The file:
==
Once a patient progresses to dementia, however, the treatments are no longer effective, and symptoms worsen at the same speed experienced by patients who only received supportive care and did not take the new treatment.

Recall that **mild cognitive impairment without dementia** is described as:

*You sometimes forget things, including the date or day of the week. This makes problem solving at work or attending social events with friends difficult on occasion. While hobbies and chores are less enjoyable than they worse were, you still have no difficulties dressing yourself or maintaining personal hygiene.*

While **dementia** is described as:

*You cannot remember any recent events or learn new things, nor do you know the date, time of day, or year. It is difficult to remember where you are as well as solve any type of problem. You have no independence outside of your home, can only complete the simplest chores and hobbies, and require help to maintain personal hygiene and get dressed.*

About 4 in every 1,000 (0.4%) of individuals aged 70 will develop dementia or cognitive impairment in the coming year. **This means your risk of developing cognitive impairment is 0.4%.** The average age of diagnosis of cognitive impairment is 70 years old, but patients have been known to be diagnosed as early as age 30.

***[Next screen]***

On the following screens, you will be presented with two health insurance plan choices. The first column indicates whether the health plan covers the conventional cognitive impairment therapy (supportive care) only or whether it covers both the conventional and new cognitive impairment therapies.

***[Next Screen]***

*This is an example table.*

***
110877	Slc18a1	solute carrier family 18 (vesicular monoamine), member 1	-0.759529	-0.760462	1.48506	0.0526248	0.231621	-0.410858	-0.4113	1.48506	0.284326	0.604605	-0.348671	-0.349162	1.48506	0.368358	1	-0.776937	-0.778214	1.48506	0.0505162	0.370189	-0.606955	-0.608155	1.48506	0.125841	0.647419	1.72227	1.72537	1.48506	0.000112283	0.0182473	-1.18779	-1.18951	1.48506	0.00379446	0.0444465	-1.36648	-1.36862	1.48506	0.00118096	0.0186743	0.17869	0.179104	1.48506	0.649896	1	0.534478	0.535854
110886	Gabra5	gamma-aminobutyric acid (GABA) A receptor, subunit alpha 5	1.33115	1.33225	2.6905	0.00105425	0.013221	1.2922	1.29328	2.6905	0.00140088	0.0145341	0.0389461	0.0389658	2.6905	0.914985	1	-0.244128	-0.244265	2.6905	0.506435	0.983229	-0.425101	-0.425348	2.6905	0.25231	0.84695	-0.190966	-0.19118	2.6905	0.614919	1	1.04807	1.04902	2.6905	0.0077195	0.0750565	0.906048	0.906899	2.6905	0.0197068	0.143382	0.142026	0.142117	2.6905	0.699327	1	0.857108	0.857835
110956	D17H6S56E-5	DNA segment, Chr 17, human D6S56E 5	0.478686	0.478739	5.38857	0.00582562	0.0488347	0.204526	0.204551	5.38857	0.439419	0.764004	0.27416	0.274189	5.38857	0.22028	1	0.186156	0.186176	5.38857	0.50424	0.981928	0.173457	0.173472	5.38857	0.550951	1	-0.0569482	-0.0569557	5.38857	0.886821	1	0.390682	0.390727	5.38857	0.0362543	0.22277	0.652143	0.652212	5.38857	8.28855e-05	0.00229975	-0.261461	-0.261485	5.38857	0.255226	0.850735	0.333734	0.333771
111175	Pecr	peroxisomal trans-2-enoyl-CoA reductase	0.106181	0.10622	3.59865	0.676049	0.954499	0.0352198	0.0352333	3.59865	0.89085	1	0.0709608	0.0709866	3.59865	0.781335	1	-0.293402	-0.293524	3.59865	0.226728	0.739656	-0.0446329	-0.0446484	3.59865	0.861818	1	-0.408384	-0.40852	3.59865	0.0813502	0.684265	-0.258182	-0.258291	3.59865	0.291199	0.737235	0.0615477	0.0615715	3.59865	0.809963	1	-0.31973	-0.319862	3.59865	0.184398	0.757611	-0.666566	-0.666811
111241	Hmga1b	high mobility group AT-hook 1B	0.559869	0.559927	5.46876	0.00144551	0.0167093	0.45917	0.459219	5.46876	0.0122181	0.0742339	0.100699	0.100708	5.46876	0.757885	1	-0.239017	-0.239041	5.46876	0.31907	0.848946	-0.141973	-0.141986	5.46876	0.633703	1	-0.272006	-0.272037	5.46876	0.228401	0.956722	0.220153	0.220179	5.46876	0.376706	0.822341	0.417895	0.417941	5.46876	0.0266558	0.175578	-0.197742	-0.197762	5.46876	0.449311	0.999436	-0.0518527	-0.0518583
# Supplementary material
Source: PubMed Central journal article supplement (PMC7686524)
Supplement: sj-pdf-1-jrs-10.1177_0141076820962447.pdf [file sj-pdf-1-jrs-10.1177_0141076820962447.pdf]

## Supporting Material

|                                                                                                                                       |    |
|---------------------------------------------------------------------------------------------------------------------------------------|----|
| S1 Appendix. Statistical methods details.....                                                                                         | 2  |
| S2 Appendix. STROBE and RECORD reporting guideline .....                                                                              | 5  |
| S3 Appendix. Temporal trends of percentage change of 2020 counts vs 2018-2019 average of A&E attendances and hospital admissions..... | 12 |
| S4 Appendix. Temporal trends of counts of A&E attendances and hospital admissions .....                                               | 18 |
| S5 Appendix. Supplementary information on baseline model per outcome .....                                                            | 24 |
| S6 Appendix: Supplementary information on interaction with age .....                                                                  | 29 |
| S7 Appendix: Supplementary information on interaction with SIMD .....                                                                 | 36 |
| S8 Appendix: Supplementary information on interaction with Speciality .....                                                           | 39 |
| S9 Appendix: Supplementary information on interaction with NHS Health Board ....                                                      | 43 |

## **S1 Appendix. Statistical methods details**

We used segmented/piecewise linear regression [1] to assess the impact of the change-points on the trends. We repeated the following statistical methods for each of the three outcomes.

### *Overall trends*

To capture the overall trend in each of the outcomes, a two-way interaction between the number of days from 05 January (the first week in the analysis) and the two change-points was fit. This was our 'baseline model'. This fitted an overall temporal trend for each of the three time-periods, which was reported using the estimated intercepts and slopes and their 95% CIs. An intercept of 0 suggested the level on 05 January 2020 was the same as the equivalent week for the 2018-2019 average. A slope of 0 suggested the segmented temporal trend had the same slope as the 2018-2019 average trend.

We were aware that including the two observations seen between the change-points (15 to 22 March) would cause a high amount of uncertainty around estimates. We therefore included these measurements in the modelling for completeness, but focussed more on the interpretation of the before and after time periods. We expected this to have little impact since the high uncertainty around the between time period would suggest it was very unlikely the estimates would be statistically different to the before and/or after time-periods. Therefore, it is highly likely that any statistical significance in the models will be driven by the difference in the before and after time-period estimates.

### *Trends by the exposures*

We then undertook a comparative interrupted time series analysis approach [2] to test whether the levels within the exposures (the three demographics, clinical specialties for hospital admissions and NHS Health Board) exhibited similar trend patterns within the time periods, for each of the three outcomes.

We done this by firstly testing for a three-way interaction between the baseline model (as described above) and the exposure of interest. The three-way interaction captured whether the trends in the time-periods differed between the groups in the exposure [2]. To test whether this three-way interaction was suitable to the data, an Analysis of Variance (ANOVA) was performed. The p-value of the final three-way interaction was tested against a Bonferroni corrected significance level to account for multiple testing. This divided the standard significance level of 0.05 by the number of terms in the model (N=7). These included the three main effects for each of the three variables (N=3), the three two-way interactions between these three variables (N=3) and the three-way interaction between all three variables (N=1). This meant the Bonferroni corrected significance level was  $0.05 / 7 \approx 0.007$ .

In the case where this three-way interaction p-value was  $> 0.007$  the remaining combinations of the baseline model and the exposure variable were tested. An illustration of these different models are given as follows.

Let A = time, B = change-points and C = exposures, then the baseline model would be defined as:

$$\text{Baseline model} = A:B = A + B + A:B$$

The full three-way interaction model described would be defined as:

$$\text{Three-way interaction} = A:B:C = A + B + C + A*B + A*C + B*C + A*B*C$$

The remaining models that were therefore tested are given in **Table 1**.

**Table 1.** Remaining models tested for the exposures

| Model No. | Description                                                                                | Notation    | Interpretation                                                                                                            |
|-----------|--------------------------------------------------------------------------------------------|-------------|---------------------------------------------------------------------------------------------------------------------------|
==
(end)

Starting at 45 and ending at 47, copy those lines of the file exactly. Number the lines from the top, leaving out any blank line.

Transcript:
The remaining models that were therefore tested are given in **Table 1**.

**Table 1.** Remaining models tested for the exposures

| Model No. | Description                                                                                | Notation    | Interpretation                                                                                                            |